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Sydney Metro’s commercialised future


What if the NSW government set up a new state-owned business corporation and handed it sweeping powers that duplicated those of several established authorities, including the power to prepare strategic plans, buy, develop and sell land, run other businesses (including bus services) and, incidentally, manage a railway system?

Well, this isn’t a hypothetical question, as the government has just pushed the Transport Administration Amendment (Sydney Metro) Bill 2018 through parliament. The legislation, which passed yesterday with little fanfare, amends the Transport Administration Act 1988 to constitute the Sydney Metro as a corporation. It also creates the Sydney Metro Board to run the new entity, which can undertake all the activities outlined above.

Why has the government done this? Setting up a government-owned corporation to oversee the development and operation of a privately-operated metro is not so surprising for a Coalition Government, but why give this new body a range of powers that goes well beyond ensuring the metro trains run on time?

Not surprisingly the opposition thinks it has the answer – the metro is being “fattened” for privatisation, a claim the government strenuously denies. However, the government may have another agenda for the Metro, one which may prove to be even more controversial.

 Sydney Metro: open for business

The legislation starts with a clear commercial focus. The “orderly and efficient development of land” near metro stations, depots and stabling yards is given equal top billing as a key objective alongside the delivery of “safe and reliable metro passenger services”.

The rest of the objectives follow this trend. The Metro is to be a successful business, operated “at least as efficiently as any comparable business” with the aim of maximising the “net worth of the State’s investment in the metro”. This imperative is leavened with requirements that the Metro is to “exhibit a sense of social responsibility” and have a “regard to the interests of the community” while conducting operations “in compliance with the principles of ecologically sustainable development”.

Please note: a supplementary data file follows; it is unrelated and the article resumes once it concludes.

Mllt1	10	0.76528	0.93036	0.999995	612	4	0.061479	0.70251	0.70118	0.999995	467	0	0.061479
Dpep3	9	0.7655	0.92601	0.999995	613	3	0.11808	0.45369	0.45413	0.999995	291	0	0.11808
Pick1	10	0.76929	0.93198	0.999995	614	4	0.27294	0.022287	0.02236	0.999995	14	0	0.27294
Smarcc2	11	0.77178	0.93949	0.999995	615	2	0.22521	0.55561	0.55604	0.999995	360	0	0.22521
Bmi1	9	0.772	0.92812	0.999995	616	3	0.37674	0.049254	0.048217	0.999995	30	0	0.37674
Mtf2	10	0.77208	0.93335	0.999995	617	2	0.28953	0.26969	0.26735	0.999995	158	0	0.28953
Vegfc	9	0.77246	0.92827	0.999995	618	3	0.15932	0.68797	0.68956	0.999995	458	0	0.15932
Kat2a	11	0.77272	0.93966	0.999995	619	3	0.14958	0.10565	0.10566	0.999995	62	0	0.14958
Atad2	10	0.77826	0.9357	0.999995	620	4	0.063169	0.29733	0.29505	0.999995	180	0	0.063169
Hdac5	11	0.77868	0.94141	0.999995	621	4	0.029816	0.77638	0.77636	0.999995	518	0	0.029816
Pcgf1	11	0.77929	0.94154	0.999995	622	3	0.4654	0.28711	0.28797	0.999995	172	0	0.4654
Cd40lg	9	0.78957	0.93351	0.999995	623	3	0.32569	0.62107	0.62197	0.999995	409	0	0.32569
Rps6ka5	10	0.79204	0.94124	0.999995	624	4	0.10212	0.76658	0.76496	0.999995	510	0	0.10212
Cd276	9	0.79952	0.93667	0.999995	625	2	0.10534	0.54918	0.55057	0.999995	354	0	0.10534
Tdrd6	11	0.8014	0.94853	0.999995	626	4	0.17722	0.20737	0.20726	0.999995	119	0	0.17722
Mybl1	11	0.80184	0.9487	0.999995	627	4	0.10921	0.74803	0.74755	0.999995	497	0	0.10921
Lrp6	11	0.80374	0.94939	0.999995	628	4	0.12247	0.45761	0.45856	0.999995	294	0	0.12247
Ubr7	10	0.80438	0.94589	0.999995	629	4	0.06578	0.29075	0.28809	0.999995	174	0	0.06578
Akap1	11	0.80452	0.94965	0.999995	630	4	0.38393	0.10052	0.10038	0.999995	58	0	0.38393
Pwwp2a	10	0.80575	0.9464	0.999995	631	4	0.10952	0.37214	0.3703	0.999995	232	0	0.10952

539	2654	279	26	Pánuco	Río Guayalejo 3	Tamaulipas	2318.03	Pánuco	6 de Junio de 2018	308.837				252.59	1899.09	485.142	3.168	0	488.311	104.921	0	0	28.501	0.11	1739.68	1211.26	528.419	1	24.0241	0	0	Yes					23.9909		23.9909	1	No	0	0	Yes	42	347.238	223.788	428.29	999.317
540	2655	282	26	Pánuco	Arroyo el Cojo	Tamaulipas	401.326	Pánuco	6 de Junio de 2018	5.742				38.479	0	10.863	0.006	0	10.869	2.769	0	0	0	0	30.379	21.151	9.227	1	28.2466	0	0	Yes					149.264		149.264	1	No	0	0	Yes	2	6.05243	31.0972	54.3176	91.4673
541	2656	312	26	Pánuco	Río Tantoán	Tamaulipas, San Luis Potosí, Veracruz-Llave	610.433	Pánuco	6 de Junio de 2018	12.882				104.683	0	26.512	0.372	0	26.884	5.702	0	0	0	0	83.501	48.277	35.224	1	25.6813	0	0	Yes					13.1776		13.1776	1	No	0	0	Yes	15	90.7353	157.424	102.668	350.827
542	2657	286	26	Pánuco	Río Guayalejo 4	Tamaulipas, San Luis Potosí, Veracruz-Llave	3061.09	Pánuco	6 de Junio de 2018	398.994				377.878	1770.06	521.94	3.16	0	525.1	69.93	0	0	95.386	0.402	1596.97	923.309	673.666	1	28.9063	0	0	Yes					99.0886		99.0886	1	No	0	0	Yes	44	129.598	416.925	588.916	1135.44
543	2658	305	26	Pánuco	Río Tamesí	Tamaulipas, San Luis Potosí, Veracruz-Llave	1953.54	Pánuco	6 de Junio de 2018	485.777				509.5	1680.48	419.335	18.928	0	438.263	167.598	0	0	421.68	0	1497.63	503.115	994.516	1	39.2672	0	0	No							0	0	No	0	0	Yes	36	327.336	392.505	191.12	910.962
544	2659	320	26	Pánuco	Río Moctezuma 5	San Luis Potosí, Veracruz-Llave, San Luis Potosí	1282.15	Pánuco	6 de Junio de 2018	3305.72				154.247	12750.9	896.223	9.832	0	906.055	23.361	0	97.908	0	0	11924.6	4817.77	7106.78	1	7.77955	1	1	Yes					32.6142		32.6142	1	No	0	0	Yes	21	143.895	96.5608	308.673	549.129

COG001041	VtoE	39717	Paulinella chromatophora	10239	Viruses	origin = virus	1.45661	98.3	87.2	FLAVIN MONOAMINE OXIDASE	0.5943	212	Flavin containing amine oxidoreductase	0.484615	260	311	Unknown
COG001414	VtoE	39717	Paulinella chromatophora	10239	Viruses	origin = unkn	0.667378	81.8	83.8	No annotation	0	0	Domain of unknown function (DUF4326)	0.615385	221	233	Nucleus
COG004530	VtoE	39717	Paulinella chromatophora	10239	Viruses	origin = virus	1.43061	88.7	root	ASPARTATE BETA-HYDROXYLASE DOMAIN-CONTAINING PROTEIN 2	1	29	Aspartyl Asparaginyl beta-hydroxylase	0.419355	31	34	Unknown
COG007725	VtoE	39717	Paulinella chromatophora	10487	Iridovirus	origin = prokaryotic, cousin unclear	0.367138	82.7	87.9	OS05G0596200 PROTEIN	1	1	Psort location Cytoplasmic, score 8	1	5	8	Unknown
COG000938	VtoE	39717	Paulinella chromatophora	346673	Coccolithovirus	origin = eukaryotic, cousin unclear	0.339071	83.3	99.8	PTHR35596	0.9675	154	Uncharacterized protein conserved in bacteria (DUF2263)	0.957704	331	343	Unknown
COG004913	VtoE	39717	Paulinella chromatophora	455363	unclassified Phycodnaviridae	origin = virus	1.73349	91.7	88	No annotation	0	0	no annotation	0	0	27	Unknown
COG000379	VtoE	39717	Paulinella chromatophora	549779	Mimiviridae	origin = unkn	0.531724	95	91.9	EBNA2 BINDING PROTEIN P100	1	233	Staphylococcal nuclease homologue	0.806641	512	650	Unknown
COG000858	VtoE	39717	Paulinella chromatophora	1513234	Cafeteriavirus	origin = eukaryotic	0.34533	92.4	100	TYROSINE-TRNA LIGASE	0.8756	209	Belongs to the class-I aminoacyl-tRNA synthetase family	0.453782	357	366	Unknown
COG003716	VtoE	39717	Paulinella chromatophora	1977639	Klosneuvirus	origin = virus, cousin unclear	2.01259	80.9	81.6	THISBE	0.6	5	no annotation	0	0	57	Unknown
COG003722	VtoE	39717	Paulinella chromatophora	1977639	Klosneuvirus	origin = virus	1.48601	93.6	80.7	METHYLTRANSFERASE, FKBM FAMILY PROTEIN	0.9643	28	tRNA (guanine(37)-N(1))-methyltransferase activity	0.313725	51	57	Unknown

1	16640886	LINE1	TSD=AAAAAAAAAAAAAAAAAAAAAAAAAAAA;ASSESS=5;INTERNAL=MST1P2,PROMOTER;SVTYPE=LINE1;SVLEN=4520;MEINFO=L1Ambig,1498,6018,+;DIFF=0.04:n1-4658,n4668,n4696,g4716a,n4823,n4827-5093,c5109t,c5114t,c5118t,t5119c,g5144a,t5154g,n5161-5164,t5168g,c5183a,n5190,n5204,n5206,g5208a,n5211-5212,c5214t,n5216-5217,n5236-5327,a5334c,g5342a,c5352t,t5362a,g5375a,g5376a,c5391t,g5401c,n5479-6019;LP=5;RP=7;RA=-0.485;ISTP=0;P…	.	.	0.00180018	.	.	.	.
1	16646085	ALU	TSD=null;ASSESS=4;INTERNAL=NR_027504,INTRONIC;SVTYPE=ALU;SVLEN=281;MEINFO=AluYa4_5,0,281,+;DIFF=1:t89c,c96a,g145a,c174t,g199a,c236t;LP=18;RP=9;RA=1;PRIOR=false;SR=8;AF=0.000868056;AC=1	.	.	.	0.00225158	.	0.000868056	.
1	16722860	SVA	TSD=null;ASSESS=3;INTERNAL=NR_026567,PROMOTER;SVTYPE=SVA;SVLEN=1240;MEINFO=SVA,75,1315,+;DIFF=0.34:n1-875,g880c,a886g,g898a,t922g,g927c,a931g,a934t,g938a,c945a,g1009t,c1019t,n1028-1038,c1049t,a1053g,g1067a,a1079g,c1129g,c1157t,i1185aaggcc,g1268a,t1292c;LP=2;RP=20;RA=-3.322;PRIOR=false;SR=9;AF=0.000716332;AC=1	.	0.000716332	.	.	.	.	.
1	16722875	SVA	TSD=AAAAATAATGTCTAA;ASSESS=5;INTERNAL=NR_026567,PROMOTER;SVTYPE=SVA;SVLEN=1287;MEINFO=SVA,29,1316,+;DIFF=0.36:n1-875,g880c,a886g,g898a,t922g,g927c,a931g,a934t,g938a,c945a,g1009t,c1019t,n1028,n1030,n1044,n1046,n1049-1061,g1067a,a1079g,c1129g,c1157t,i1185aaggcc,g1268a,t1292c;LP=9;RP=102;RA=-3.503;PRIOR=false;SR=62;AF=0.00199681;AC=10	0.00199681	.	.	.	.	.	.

The functions listed in the bill (Section 38B) cast the Metro’s net even wider. Clause 3(a) for example allows the Metro to conduct any business even if its unrelated to its functions, as long as it “will further its objectives” – which would seem to indicate that the new Sydney Metro Board will be able to do just about anything it likes. Almost to emphasise this commercial and operational freedom, clause 3(b) states that the metro can operate other transport services “including bus services”, whether these are connected to the metro or not.

Other parts of clause 3 also give the Metro the right to “build, modify, hold, manage, maintain, finance and establish” transport and metro assets. These rights extend to the assets of other public transport agencies; Sydney Metro can also dispose of any assets, other than the metro itself.

Clause 4 gives the Metro authority to acquire, develop, lease or sell land, while section 38D greatly expands on the Metro’s role as a property developer. It’s worth quoting part of clause 1:

Sydney Metro may carry out, finance, manage or otherwise participate in development for residential, retail, commercial, industrial, mixed use, community, public open space or recreational purposes on land in the locality of a metro station, depot or stabling yard, or a proposed metro station, depot or stabling yard….

Division 4 of the bill covers the composition and role of the Sydney Metro Board. Up to seven directors will be appointed by the Minister for Transport, with one appointed by the Transport Secretary. This division also provides for the appointment of the Board’s Chair and CEO. Division 5 permits the Board to appoint advisory committees and also requires it to prepare an annual corporate plan which must be made available in draft form for public comment.

The completed plan is also to be made public, though the Metro is not required to make available commercially sensitive information unless required do so under the Government Information (Public Access) Act 2009. The rest of the bill comprises largely procedural amendments to the Act. An interesting exception is the creation of a Sydney Metro Fund to be administered by the Board.

The political response